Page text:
For a few more tales of the Joke of the Day, see this post about the decorations in my Phantom calling script.

September 3, 2009

Thoughts on the Deck

I call this: theatre — Posted by KP @ 2:16 am

Late this afternoon I was doing some crap on my computer when the phone rang. My reaction was something like, “Oh what now?” for about 2 seconds until I actually looked at the phone and saw the happy little mask and text saying “Phantom SM Office.” Cautiously optimistic, I answered. At 4:00 I was put on hold for possibly doing the show tonight. I immediately started getting ready because I haven’t called the show in six months, and haven’t done the deck in probably a year, and had no idea where I might find black pants, black shoes, flashlights, deck notes, etc. A half hour later I got the confirmation call that I would be going in, though no specifics if I would be decking or calling. I decided to assume that I would be decking, as I felt more prepared to call.

I spent the remaining time at home walking through the deck track in my head (while I review periodically to remain ready to call at all times when I’m in town, I tend to completely ignore the deck until the day I get booked and then do a quick refresher).

I arrived at the theatre and found out I would be decking, which was good. Craig suggested I look around. I made a meandering path around the stage and trap room, saying hello to the stagehands doing their preset, making sure nothing had been moved since I’d been gone. Everything looked exactly the same. The same, but really, really clean. I don’t remember the place being a mess in the past, but I was really struck by how clean everything was. The white walls backstage were white, not white and covered in 20 years of grime. They looked like they had been washed last week. As I was mentioning how tidy everything looked to the head carp, he said they were due for a paint call on the deck soon. Now the deck has been painted every 3 months for the last 22 years. When it’s just been painted, it looks like a glossy black mirror. When it needs a painting it looks like a dull gray pitted mess, with large sweeping scrape marks showing where all the scenery gets rolled across it, where chandeliers crash on it, etc. It looked like it had been painted maybe a week or two earlier. I was very impressed.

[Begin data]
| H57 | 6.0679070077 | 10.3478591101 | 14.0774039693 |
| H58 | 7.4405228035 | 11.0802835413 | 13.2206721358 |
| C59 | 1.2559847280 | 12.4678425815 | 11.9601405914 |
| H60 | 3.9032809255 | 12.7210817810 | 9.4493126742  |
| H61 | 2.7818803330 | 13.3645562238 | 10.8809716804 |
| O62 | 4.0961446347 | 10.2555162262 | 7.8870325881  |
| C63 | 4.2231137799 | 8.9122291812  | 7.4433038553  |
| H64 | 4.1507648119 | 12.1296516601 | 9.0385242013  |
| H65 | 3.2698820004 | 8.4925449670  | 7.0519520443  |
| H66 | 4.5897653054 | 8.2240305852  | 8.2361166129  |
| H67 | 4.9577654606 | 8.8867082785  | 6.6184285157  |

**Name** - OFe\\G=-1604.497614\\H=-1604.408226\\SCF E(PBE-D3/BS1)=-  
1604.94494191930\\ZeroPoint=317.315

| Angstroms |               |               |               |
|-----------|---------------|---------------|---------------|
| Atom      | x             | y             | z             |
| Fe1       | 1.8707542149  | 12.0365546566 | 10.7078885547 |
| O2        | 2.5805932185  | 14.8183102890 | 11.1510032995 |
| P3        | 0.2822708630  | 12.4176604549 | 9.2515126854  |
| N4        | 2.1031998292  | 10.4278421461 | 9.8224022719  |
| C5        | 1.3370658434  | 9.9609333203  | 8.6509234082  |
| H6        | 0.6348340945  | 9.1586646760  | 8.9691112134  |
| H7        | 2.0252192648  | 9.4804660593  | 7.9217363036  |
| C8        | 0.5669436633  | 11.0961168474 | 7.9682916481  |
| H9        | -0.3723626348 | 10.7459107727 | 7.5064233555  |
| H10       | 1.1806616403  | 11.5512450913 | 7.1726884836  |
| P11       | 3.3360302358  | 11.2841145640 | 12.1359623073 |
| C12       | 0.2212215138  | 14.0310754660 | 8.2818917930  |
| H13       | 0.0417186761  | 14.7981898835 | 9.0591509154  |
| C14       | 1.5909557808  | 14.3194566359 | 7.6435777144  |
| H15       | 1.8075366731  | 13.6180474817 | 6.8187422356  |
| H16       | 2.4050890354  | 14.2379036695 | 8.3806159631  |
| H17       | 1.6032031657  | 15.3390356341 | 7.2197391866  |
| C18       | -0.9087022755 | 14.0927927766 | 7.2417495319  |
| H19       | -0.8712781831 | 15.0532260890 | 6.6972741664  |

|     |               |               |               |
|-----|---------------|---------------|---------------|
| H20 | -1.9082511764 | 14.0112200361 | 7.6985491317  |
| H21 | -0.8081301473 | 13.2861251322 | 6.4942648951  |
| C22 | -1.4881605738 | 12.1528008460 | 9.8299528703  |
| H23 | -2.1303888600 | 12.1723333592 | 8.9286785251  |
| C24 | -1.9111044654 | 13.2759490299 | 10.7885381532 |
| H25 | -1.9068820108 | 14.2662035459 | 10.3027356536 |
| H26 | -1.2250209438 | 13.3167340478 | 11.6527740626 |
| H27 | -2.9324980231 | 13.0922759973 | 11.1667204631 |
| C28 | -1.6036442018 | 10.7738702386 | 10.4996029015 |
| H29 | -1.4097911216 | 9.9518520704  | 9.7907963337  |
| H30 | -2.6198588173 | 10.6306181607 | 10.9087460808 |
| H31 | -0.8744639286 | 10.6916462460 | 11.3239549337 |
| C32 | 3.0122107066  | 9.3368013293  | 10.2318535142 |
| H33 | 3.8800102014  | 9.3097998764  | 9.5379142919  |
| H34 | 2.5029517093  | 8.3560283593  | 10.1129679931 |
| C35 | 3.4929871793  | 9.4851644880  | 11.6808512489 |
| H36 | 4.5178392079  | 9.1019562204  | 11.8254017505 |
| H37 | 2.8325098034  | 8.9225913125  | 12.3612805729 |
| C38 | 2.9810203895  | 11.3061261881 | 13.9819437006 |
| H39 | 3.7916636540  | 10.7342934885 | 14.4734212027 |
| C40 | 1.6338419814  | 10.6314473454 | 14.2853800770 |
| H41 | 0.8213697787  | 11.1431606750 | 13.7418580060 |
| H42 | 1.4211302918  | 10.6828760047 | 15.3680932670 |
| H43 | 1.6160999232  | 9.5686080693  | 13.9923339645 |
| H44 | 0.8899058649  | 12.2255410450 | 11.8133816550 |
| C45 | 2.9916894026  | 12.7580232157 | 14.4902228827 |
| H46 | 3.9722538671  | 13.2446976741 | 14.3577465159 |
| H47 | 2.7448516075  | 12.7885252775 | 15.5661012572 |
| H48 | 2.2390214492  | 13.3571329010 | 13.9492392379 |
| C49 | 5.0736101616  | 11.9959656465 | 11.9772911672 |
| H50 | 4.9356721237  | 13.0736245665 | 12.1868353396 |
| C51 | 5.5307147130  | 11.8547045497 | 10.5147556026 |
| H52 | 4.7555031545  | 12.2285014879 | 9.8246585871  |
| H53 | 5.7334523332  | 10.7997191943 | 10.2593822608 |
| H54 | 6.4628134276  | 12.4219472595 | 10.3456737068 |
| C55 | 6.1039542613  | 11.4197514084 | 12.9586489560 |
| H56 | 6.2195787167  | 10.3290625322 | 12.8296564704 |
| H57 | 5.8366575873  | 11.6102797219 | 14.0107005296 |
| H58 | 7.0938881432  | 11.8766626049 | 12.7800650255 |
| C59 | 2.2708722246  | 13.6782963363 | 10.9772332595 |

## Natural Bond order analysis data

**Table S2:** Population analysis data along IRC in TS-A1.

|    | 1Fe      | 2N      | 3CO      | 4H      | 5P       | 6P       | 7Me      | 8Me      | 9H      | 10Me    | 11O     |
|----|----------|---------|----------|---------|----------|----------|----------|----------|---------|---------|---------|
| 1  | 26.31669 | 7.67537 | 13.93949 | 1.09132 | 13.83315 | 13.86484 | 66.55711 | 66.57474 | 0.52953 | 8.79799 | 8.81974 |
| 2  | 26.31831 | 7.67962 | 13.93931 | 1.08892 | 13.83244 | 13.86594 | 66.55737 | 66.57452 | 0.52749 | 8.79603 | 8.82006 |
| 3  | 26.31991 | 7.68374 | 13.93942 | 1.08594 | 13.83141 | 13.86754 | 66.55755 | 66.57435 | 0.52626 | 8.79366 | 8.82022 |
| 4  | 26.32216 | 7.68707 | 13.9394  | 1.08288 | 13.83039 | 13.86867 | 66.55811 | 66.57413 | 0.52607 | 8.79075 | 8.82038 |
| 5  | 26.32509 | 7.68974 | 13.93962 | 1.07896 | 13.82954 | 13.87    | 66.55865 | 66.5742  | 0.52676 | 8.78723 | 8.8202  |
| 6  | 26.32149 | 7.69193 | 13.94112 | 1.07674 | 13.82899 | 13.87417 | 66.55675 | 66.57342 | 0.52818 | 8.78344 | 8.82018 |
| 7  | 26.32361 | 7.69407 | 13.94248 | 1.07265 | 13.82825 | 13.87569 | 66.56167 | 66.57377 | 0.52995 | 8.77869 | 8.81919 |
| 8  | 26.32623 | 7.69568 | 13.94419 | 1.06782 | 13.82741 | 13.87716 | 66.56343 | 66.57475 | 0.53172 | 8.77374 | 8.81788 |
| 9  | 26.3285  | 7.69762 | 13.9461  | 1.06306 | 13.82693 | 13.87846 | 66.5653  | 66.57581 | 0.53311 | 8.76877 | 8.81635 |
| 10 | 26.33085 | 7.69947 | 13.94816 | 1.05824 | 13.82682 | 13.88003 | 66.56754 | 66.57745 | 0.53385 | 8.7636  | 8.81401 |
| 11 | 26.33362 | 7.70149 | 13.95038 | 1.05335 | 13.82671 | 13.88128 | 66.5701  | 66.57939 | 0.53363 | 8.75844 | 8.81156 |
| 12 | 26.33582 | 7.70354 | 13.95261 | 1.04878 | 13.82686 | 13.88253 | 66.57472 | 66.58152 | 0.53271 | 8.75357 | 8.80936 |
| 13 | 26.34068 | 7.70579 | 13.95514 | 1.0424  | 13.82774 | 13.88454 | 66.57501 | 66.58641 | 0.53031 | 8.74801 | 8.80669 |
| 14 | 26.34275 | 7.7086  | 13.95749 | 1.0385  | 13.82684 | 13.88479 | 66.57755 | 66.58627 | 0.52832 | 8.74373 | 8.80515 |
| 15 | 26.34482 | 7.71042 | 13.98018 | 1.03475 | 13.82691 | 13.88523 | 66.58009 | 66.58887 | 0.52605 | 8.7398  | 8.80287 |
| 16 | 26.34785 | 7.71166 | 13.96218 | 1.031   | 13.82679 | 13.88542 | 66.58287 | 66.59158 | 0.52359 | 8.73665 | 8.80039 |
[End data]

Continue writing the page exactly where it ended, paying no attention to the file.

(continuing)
Anyway, doing the show was a lot of fun. No one can quite remember when the last time I decked was (though we have a database to answer questions just like that, and nobody thought to look it up), but it’s possibly been over a year. Whenever it was, I haven’t decked any other show since then either, so it was kind of a weird experience.

Since then, I’ve been very used to sitting at my comfy calling desk (including at Phantom) and just watching a show happen around me. Being away so long has reminded me of the differences of doing the deck.

First of all, by intermission I was getting kind of claustrophobic. The Phantom stage management office is always crammed with way more people than it should be, but even doing the show itself, there were just so many people everywhere. Tons of stagehands, dressers, hairdressers, a decent number of actors, there are just people everywhere. Personal space is often very strictly regulated, like your track is allotted this square foot-and-a-half for this scene change and that’s where you go. People often say that the backstage traffic on the show is far more complex and exact than the onstage choreography, and it’s true. It’s the main reason I worry about doing the deck. Calling the show is kind of a solitary pursuit in some ways. You interact with other people, but basically you know what you’re trying to do, which is to put on this show, and you have all these cues to work with, and you react to what other people are doing, but basically your butt is in a chair and you make things happen with your voice and flipping some switches that turn 10-watt light bulbs on and off elsewhere in the theatre.